Stolen Valor Act

Lost in all of the excitement surrounding the health care ruling has been any meaningful discussion of the landmark First Amendment case handed down by the Supreme Court yesterday. Today, my brother can walk up to a microphone and falsely claim that he won four Purple Hearts and a Medal of Honor for his courage and valor in Afghanistan. Last week, had he made a similar false claim, my brother would have needed legal counsel and likely was headed for a short stint in federal prison. How did we get from there to here?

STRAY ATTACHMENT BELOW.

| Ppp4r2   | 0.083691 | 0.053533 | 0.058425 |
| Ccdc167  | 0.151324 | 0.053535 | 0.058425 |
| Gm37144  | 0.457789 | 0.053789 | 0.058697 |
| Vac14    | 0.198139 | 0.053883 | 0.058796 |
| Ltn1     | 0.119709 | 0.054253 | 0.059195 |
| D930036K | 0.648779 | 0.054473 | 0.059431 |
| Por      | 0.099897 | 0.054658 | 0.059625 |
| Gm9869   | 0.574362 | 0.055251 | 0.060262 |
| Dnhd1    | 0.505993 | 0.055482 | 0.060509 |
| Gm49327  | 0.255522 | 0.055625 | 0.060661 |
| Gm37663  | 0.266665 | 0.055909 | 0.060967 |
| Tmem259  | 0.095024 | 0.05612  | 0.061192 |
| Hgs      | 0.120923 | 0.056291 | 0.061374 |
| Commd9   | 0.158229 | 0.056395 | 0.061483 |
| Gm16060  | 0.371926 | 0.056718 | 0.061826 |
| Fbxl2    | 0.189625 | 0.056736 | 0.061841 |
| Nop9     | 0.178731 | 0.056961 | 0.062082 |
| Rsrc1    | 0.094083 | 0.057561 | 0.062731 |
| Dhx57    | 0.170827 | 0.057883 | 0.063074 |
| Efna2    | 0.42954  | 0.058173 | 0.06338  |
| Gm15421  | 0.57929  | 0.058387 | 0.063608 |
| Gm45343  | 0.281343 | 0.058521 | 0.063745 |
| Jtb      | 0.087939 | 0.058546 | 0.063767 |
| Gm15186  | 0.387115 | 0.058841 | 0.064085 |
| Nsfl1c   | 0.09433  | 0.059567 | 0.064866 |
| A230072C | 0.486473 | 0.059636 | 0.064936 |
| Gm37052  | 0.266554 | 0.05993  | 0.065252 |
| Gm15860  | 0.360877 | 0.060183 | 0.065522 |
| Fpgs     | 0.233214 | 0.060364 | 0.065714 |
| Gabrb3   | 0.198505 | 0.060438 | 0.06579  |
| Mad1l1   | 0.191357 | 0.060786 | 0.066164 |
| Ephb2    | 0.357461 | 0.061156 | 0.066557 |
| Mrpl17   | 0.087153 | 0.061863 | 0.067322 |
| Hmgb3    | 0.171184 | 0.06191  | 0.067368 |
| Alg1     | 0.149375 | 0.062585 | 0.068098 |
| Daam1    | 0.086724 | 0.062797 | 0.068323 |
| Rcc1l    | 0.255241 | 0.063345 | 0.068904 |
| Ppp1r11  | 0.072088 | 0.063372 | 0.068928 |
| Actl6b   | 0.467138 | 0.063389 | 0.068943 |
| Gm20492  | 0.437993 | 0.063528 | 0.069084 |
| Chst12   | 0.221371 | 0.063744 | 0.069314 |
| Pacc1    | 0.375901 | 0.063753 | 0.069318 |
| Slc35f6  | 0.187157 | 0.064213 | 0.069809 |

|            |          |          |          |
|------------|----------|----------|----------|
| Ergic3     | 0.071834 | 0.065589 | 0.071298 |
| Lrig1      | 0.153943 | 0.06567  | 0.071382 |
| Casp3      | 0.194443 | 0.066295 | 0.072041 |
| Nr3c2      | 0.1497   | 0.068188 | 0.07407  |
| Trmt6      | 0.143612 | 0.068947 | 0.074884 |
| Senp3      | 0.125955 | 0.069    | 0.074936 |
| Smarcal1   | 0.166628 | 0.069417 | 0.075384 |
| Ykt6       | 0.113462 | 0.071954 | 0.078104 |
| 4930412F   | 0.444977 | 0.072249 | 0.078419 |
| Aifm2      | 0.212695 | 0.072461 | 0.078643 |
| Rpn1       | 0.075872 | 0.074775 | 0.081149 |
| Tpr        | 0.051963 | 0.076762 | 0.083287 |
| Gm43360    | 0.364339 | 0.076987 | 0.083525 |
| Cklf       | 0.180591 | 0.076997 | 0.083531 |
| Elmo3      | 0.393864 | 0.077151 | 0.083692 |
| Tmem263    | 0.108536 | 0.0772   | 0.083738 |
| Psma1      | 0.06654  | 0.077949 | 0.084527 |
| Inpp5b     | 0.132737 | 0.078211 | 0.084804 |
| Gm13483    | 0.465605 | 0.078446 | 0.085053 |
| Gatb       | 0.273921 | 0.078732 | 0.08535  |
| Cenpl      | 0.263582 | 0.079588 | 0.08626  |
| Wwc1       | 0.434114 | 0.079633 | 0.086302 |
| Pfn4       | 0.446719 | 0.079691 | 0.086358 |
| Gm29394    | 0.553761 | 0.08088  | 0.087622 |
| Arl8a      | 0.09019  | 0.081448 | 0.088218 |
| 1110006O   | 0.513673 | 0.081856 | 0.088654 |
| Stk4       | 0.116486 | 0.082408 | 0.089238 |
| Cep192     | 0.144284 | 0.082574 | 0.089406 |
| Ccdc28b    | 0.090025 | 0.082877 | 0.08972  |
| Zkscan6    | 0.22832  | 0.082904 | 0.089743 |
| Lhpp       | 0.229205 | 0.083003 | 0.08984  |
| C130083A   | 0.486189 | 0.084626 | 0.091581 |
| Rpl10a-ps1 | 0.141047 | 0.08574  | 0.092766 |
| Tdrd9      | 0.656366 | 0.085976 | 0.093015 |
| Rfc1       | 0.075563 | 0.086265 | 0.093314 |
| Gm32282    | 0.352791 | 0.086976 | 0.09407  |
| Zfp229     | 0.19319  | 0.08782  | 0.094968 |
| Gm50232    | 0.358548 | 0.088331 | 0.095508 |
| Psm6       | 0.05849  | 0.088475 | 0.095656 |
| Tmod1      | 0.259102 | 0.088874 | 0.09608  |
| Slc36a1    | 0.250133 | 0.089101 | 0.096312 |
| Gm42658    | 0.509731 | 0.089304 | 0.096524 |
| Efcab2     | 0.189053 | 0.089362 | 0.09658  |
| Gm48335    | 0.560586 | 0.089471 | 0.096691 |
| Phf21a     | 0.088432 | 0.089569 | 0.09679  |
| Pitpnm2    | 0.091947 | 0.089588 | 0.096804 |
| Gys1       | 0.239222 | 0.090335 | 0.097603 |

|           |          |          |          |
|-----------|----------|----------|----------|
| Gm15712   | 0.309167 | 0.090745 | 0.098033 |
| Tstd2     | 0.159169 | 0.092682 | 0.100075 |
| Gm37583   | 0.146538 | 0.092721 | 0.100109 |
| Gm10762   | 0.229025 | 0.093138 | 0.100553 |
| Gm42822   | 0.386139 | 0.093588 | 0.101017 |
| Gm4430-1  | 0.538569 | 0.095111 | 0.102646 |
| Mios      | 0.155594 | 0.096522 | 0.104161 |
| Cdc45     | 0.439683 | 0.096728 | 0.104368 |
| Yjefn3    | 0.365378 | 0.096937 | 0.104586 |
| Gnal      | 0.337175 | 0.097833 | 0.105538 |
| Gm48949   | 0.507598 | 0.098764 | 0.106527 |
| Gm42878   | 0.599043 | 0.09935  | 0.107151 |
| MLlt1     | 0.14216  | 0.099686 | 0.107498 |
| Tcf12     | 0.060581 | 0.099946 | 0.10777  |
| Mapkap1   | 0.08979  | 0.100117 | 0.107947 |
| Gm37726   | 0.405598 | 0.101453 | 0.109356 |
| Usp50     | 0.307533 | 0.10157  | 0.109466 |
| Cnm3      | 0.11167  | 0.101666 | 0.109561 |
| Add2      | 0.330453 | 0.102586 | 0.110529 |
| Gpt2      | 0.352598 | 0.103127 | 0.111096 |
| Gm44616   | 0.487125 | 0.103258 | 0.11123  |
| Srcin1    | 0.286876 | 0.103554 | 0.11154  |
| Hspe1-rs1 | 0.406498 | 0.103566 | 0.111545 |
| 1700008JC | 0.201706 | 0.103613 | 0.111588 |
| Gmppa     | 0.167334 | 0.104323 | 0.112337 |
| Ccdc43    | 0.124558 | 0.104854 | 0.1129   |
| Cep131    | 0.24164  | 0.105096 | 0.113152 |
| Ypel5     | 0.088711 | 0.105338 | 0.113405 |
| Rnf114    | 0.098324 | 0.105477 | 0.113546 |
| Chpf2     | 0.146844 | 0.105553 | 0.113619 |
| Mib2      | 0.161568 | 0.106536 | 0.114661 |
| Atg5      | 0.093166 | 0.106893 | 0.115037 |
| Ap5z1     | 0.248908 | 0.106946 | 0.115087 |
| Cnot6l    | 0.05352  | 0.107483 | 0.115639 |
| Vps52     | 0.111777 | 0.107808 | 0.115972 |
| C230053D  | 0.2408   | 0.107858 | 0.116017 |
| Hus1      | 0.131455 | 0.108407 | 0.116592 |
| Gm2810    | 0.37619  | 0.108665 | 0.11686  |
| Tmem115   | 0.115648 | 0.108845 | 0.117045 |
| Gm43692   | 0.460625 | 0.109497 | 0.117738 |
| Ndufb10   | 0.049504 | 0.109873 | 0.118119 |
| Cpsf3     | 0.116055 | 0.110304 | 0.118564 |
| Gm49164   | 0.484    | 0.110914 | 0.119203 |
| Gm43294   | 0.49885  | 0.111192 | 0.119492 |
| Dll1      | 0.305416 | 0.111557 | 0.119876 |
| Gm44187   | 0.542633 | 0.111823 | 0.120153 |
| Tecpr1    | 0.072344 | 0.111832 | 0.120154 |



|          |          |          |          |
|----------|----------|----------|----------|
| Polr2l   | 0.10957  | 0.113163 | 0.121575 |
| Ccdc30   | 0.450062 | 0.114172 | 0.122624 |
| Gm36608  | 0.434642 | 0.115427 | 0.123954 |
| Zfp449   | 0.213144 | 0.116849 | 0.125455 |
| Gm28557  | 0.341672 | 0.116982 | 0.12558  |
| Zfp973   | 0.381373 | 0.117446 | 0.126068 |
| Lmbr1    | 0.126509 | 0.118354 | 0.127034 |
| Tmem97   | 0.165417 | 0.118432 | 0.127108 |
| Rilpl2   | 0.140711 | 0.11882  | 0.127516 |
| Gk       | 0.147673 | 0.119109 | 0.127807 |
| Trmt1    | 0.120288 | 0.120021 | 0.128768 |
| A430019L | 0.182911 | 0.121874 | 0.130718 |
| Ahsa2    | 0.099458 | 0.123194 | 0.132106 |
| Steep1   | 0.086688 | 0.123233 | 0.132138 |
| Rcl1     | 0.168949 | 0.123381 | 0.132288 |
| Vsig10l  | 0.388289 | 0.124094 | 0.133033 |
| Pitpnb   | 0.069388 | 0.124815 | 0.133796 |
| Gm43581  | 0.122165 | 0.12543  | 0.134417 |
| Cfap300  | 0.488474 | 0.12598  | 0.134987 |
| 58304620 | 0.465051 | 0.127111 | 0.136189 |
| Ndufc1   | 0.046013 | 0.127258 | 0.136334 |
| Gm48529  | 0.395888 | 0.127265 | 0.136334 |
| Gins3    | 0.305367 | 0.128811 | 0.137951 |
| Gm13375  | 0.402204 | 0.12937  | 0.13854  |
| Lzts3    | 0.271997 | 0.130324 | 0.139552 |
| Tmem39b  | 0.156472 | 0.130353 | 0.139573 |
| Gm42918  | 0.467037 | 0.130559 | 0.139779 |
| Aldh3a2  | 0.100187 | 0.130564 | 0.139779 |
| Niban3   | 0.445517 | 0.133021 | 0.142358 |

In 2005, Congress passed and President Bush signed the Stolen Valor Act (don’t they have a knack for naming things in Washington?), which made it a crime to falsely claim receipt of a military honor. The penalty was even worse if that false claim involved the Congressional Medal of Honor. The justification behind the law is self-evident: lies about receipt of military honors devalue, and therefore inflict harm, on actual recipients of the Medal of Honor and the general public. Lying is usually wrong, but it’s always wrong when you’re claiming reward of a medal you did not receive.

Read the rest at Politically Inclined.

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